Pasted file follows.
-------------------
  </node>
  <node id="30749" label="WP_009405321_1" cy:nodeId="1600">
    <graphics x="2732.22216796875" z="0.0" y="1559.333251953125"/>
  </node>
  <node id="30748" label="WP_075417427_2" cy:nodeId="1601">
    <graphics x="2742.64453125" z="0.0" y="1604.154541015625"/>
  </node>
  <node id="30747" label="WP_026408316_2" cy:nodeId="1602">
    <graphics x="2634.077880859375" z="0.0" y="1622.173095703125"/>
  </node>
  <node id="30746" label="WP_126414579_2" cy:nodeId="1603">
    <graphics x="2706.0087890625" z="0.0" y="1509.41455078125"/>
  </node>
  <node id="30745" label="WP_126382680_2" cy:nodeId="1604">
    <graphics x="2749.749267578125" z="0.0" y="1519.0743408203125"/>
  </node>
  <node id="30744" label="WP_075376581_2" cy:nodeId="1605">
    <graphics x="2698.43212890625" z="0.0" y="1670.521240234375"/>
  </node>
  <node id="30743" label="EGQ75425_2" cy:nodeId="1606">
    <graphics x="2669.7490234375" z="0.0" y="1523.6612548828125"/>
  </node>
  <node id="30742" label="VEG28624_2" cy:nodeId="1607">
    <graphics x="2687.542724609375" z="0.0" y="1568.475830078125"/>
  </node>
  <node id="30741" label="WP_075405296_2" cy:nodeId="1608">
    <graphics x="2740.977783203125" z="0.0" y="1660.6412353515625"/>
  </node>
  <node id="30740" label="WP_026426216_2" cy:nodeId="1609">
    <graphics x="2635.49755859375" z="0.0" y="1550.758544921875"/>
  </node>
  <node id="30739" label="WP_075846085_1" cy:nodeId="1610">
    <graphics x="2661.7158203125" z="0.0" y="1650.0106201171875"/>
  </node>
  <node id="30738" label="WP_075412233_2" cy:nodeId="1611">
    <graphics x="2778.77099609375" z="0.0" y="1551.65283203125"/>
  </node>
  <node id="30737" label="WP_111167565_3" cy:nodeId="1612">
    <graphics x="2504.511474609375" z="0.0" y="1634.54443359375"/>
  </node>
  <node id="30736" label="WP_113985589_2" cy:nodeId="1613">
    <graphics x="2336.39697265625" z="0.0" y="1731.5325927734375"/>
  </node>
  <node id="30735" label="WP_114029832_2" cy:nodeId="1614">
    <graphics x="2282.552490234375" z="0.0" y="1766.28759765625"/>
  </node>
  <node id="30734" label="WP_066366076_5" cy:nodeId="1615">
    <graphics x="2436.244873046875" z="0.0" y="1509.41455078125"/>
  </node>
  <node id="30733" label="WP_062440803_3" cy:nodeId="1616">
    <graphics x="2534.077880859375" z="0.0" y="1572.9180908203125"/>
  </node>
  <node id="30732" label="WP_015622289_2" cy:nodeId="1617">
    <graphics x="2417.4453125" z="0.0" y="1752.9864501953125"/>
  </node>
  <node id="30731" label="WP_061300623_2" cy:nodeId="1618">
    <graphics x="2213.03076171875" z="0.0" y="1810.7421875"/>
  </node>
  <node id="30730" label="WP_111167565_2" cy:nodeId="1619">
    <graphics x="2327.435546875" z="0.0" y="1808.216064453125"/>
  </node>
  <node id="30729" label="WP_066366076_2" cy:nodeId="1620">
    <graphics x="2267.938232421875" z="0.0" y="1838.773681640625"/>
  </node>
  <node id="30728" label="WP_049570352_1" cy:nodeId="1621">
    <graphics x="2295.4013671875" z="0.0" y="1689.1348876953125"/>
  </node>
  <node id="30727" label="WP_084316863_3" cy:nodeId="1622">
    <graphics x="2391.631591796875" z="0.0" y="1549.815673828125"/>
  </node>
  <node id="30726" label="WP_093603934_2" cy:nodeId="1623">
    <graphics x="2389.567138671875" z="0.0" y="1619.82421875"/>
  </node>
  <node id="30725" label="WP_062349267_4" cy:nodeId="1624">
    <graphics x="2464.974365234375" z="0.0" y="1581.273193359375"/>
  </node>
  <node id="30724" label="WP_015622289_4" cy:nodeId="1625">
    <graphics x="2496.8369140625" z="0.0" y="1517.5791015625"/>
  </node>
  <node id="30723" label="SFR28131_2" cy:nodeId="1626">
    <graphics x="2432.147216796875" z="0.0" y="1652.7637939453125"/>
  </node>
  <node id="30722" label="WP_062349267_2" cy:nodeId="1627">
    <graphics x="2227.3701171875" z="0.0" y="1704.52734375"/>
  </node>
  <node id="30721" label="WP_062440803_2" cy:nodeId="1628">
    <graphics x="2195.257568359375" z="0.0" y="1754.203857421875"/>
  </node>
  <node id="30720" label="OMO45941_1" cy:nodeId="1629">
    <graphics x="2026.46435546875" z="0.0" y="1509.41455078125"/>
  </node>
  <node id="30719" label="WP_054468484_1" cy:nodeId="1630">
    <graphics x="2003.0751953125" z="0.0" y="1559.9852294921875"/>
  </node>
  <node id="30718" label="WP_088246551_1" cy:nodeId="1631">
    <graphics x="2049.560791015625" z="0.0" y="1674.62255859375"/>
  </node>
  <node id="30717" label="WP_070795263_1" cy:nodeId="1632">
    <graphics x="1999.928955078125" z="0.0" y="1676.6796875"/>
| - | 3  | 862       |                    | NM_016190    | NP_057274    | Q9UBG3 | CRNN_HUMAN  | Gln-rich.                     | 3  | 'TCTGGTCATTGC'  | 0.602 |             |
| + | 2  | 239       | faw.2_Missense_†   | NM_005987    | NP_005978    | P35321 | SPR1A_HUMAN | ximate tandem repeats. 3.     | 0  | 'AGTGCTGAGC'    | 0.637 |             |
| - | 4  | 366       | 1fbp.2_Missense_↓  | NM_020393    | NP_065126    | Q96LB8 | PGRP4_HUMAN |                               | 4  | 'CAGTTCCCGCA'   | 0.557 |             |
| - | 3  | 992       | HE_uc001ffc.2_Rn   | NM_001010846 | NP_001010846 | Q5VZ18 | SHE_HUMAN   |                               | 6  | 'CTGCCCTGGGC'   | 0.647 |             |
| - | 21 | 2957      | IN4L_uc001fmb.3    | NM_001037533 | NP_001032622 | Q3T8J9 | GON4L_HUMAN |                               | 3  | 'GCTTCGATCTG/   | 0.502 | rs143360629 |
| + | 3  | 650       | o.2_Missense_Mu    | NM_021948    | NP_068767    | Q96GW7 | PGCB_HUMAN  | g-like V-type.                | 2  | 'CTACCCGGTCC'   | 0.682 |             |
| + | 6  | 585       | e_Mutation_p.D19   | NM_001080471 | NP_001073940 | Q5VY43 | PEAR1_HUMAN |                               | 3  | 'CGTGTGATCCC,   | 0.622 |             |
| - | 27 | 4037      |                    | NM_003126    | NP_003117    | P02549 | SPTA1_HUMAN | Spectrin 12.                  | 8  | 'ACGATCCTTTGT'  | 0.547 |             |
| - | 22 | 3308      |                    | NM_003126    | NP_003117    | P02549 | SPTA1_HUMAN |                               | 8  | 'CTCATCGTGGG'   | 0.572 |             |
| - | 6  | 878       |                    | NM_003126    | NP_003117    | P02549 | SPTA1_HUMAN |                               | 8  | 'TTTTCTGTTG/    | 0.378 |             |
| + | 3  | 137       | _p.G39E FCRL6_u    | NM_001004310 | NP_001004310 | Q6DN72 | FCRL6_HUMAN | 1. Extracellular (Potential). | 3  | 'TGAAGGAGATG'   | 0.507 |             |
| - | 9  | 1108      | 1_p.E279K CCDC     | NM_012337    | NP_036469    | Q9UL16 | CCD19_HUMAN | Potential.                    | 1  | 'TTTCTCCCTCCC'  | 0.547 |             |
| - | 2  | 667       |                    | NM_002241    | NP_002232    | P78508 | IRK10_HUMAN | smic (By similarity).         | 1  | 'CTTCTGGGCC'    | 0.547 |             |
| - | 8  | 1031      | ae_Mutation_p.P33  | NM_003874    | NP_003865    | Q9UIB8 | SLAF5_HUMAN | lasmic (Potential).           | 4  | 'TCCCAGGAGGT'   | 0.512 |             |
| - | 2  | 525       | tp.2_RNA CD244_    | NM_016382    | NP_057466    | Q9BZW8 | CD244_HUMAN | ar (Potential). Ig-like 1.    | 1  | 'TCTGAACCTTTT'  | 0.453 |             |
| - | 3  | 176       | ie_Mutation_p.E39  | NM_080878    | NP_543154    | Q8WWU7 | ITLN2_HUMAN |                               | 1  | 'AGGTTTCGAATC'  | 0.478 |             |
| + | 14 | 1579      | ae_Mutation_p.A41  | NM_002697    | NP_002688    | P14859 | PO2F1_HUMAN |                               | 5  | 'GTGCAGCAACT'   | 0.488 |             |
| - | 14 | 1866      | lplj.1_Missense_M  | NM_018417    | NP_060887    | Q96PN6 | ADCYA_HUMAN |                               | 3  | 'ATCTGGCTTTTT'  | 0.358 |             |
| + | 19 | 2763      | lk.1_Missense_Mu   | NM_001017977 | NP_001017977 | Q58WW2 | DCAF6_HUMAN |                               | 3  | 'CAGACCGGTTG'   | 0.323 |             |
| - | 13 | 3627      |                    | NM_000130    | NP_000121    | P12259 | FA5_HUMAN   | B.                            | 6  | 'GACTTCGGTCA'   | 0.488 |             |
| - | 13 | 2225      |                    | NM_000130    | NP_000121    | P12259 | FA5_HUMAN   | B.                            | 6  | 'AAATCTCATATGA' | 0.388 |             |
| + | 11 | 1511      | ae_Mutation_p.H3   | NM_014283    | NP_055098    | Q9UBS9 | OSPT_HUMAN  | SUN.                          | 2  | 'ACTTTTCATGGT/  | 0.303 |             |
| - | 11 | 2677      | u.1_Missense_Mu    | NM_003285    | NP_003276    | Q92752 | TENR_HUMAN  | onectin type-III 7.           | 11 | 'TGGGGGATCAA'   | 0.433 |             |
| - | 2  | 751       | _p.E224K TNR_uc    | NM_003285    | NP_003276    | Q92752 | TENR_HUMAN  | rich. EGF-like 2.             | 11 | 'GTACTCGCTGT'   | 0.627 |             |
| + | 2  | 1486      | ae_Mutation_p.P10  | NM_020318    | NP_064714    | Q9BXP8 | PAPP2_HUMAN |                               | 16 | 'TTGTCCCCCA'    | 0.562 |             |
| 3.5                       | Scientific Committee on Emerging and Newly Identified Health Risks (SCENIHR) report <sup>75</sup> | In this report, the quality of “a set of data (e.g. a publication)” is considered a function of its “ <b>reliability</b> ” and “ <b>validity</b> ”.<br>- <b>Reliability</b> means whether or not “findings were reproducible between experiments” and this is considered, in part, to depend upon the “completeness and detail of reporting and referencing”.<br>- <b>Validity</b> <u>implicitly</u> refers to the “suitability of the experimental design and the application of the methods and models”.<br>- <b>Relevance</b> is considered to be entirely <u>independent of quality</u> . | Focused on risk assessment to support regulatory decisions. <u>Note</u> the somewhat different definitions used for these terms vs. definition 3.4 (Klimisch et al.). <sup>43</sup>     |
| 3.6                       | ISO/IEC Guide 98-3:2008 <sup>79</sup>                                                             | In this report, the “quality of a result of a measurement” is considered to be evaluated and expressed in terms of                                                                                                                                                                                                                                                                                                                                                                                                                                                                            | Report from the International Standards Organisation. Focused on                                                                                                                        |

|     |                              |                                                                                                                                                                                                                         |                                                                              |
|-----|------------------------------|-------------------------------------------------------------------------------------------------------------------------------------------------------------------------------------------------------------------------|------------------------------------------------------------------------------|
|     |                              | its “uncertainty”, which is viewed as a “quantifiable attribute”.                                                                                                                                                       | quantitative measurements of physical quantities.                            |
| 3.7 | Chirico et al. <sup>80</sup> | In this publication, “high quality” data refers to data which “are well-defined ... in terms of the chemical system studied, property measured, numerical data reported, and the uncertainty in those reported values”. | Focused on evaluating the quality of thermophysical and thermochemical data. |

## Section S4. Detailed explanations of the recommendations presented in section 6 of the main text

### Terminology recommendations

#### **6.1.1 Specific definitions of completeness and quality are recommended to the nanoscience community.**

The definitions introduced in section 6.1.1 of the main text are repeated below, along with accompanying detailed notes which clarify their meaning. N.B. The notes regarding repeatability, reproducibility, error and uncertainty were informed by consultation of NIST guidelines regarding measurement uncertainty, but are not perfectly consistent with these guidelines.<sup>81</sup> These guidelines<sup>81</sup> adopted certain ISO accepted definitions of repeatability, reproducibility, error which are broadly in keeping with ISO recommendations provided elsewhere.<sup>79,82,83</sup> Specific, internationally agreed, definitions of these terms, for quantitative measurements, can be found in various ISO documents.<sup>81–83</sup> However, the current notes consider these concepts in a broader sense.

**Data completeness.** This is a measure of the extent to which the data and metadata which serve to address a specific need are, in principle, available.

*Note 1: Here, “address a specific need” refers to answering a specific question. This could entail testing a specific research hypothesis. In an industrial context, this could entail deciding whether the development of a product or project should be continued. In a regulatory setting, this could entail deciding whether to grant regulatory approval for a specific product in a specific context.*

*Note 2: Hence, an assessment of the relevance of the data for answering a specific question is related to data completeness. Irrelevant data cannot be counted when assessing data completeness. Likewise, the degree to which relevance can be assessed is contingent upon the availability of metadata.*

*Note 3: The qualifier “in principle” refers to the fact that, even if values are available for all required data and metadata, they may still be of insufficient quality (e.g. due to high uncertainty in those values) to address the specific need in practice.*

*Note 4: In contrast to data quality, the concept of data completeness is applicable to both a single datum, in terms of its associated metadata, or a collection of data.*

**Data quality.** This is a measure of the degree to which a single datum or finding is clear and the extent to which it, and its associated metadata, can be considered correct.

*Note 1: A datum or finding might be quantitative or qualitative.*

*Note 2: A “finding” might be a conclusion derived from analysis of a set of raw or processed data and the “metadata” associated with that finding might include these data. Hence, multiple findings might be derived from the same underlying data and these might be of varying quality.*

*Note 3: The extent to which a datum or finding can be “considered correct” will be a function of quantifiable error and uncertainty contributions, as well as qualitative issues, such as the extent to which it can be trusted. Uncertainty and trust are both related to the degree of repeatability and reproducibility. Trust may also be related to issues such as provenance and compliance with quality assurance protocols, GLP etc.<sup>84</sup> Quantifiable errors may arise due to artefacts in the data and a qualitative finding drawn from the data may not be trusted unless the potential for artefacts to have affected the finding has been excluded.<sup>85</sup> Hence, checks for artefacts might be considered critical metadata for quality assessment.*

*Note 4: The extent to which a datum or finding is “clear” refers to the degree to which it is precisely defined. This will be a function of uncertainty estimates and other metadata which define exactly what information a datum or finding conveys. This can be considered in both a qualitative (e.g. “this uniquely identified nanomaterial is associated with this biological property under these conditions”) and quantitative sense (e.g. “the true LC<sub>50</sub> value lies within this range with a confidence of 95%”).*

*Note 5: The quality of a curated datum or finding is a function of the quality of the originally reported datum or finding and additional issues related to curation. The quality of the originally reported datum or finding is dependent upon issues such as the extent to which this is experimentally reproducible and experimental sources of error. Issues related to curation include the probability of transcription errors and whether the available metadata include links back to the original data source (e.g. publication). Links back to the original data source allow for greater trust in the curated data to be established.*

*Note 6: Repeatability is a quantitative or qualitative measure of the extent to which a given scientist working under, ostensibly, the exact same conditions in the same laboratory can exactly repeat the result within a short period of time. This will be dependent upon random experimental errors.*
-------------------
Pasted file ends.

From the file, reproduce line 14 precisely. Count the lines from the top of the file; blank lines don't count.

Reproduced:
  <node id="30745" label="WP_126382680_2" cy:nodeId="1604">